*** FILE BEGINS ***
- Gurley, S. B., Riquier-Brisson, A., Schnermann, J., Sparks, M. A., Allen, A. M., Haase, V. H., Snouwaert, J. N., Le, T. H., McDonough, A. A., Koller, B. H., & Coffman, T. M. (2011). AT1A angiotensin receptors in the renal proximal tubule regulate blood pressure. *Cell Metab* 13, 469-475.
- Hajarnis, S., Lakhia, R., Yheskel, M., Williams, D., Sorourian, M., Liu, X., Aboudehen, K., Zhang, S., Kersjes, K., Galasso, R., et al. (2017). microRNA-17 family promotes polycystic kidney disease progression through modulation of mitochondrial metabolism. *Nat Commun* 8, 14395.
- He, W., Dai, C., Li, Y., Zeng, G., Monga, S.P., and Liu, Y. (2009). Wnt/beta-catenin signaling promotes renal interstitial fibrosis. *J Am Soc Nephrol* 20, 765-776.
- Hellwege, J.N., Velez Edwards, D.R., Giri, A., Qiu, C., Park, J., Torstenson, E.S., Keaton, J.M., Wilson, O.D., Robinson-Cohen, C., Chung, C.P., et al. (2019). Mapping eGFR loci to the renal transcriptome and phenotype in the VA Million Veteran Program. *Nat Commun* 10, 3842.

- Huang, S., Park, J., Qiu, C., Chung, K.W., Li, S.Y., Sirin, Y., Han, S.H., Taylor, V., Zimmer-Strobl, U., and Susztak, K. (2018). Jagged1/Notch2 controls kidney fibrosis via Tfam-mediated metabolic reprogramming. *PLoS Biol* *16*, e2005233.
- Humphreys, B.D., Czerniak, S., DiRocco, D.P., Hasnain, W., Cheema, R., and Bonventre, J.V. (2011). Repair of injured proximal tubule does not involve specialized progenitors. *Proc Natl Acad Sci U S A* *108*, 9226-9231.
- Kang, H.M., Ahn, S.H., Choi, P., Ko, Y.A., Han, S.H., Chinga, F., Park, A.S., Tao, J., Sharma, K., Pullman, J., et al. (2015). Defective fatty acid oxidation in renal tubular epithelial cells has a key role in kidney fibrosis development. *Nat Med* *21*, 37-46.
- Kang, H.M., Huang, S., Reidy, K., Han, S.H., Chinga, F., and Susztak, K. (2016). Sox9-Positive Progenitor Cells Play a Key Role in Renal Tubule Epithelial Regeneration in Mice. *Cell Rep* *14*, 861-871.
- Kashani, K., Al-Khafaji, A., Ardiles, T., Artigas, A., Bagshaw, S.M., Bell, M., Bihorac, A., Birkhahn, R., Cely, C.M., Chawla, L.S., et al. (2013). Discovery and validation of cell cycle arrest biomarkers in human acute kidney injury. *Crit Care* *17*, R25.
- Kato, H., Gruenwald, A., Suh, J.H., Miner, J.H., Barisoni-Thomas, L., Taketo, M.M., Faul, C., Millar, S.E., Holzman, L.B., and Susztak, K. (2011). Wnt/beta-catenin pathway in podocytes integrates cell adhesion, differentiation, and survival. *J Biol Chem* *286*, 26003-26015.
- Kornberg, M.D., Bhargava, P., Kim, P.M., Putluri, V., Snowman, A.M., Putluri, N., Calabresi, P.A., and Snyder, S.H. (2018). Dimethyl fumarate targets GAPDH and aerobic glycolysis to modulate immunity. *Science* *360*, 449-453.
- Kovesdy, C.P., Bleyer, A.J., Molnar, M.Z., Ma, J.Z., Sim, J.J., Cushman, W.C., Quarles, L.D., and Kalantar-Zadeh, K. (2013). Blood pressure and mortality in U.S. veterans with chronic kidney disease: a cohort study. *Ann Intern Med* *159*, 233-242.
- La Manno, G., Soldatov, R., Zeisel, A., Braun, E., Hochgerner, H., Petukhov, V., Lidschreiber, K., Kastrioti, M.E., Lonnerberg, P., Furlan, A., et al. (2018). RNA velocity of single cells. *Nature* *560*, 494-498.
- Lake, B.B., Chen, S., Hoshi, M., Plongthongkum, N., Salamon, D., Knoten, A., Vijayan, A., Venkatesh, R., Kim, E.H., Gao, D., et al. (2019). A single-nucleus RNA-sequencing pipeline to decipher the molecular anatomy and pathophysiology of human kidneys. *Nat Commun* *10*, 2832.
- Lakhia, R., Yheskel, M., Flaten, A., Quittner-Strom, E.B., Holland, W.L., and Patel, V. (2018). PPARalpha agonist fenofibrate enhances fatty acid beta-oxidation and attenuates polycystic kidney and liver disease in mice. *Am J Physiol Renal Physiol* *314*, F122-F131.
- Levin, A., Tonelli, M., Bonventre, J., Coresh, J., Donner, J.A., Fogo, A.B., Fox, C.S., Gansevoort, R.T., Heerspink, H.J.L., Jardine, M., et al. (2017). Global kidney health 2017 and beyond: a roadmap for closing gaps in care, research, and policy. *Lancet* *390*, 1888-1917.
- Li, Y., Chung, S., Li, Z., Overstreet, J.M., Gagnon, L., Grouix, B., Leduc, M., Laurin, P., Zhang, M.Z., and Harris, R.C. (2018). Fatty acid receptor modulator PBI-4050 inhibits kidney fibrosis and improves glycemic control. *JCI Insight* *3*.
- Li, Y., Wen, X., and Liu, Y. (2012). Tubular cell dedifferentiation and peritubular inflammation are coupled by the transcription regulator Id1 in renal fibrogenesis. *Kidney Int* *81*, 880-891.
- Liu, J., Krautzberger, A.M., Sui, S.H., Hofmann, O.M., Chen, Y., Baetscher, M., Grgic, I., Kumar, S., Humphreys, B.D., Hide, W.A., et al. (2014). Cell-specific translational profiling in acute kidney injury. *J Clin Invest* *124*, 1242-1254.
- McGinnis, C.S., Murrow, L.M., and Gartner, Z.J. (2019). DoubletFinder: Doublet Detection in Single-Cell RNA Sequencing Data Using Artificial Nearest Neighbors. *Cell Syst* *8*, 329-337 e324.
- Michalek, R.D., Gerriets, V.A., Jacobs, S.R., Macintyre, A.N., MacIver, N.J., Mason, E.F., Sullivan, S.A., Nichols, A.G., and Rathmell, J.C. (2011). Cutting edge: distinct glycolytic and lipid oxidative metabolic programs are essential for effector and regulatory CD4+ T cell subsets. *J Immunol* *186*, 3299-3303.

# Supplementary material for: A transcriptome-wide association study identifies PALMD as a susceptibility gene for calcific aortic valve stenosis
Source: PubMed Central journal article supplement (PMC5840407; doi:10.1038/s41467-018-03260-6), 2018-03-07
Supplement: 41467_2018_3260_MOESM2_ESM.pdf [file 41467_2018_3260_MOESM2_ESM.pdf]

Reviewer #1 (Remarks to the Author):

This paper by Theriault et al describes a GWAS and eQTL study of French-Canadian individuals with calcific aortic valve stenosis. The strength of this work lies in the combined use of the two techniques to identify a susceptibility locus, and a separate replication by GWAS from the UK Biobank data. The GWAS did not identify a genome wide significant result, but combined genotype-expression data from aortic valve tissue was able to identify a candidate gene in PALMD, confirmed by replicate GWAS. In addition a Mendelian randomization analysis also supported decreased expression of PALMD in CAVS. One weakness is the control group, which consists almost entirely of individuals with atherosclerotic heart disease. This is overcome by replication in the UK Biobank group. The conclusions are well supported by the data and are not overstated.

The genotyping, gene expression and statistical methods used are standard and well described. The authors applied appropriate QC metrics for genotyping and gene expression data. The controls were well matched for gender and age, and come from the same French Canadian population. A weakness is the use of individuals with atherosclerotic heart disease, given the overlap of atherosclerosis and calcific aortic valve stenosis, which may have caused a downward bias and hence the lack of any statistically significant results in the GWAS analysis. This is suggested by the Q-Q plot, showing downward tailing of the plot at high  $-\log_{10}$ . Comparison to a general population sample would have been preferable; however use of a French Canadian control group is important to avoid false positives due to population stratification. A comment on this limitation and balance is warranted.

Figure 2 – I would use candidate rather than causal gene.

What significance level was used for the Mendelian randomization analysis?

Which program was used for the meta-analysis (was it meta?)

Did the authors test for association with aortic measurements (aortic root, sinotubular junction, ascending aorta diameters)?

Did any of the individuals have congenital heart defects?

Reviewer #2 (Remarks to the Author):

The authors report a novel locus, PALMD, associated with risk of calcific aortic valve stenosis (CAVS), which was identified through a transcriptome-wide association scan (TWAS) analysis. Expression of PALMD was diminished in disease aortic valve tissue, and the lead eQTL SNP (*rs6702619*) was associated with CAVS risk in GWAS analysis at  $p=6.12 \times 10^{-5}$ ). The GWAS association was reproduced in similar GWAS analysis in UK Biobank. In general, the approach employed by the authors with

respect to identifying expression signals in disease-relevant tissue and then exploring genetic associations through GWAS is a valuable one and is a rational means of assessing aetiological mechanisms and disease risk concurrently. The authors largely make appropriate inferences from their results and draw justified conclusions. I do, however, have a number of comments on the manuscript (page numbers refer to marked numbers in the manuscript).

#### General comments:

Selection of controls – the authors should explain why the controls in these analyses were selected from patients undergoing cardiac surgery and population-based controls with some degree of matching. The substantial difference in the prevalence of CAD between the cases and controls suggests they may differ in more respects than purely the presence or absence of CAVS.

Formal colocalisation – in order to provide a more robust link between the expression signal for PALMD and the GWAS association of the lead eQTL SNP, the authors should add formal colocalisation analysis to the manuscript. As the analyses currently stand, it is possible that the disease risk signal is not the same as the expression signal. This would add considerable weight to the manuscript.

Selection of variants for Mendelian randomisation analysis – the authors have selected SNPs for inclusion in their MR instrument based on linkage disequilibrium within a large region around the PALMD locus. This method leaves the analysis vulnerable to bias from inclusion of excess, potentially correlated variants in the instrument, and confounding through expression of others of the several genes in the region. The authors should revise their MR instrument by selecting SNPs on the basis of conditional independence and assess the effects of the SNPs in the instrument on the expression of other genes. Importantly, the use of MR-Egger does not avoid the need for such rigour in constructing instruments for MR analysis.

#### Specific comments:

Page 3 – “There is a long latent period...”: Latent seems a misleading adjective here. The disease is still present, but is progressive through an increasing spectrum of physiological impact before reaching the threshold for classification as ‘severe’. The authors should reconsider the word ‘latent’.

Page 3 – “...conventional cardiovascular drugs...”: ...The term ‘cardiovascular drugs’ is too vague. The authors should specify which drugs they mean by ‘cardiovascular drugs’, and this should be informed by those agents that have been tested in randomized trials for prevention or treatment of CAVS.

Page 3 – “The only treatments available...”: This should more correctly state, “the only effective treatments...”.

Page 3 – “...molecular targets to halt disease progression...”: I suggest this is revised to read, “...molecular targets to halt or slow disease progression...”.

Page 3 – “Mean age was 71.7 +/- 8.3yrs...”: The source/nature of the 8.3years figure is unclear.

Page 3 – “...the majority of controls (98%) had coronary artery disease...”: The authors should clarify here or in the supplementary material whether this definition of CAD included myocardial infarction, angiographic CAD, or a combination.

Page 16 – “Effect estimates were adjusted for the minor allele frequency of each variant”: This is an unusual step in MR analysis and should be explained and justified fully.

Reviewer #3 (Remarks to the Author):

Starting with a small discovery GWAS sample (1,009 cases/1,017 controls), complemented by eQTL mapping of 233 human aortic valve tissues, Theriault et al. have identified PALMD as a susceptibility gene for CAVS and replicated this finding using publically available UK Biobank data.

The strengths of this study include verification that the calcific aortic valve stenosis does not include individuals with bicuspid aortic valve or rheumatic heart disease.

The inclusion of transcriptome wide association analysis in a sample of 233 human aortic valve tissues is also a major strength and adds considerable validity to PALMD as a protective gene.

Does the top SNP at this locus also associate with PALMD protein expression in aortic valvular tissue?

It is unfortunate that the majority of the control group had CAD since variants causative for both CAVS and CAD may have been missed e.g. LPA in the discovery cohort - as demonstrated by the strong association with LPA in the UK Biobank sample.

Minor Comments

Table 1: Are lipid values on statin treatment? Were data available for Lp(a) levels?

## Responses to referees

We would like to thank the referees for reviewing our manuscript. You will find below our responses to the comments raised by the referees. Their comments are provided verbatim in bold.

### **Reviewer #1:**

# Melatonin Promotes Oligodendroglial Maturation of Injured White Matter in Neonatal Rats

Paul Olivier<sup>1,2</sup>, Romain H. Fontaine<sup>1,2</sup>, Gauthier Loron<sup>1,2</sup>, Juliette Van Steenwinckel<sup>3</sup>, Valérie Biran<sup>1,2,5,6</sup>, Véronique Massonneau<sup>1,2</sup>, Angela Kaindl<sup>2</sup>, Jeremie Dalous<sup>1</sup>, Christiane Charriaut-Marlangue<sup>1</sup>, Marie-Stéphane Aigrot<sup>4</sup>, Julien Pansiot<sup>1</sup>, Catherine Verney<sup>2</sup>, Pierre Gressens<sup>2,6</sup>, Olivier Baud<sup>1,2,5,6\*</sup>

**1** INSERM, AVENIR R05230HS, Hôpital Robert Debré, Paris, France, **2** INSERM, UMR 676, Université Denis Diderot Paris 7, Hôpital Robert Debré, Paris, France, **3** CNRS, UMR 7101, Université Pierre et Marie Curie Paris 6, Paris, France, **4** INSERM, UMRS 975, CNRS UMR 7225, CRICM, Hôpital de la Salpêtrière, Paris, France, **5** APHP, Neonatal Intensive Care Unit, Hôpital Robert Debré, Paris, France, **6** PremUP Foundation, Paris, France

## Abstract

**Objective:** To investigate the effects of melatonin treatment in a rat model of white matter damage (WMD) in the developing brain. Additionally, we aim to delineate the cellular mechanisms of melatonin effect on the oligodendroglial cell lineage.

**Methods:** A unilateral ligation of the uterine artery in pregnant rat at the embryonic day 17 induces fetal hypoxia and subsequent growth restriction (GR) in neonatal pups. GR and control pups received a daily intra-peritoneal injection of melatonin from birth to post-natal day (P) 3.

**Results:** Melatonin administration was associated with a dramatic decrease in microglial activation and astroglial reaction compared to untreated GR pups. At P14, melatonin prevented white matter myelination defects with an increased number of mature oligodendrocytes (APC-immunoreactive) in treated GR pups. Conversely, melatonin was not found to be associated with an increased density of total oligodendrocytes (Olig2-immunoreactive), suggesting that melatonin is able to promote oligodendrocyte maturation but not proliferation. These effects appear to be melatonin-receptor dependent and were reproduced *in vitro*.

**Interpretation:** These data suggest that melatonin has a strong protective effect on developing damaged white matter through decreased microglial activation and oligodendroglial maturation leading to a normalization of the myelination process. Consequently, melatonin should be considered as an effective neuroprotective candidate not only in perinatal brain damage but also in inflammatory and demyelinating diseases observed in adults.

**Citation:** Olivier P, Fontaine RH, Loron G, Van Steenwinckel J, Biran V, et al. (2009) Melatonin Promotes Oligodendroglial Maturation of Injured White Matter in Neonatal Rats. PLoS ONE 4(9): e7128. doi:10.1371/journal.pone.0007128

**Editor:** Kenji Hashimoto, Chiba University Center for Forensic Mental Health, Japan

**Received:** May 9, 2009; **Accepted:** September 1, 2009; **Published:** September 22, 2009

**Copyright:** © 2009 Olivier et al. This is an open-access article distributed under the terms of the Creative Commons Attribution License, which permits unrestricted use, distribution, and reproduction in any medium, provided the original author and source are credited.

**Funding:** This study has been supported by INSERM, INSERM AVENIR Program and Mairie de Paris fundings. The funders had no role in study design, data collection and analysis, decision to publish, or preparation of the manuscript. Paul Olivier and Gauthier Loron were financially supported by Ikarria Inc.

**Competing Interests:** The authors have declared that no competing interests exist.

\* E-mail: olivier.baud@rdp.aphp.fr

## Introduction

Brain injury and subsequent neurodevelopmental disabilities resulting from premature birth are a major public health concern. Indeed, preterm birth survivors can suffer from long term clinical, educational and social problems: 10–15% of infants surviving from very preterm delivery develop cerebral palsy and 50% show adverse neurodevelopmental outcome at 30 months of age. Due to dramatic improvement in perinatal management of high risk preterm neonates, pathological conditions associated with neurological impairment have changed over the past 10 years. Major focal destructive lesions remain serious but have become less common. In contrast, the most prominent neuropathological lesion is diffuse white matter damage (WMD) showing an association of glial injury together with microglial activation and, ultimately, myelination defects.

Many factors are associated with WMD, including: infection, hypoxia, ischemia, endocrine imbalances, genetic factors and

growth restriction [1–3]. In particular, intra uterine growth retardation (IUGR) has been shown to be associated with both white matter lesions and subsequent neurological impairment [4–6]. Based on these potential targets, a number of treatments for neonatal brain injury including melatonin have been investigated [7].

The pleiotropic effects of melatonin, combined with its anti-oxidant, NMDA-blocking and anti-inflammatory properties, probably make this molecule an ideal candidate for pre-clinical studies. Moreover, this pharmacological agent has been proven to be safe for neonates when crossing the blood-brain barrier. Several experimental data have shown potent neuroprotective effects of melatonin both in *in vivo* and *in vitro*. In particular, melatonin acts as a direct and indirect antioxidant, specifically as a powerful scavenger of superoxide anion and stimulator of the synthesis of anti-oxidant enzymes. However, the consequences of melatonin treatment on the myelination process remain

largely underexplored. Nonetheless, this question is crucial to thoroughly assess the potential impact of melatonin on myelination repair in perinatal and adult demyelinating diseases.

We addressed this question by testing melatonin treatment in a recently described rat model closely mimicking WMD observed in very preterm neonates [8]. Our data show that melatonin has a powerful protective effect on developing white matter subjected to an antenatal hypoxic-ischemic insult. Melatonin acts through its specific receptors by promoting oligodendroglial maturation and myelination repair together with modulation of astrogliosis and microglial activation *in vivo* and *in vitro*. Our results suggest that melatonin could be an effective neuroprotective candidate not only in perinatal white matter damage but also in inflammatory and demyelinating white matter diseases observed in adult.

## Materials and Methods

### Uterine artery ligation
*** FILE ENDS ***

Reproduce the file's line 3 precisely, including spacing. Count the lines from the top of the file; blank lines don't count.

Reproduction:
- He, W., Dai, C., Li, Y., Zeng, G., Monga, S.P., and Liu, Y. (2009). Wnt/beta-catenin signaling promotes renal interstitial fibrosis. *J Am Soc Nephrol* 20, 765-776.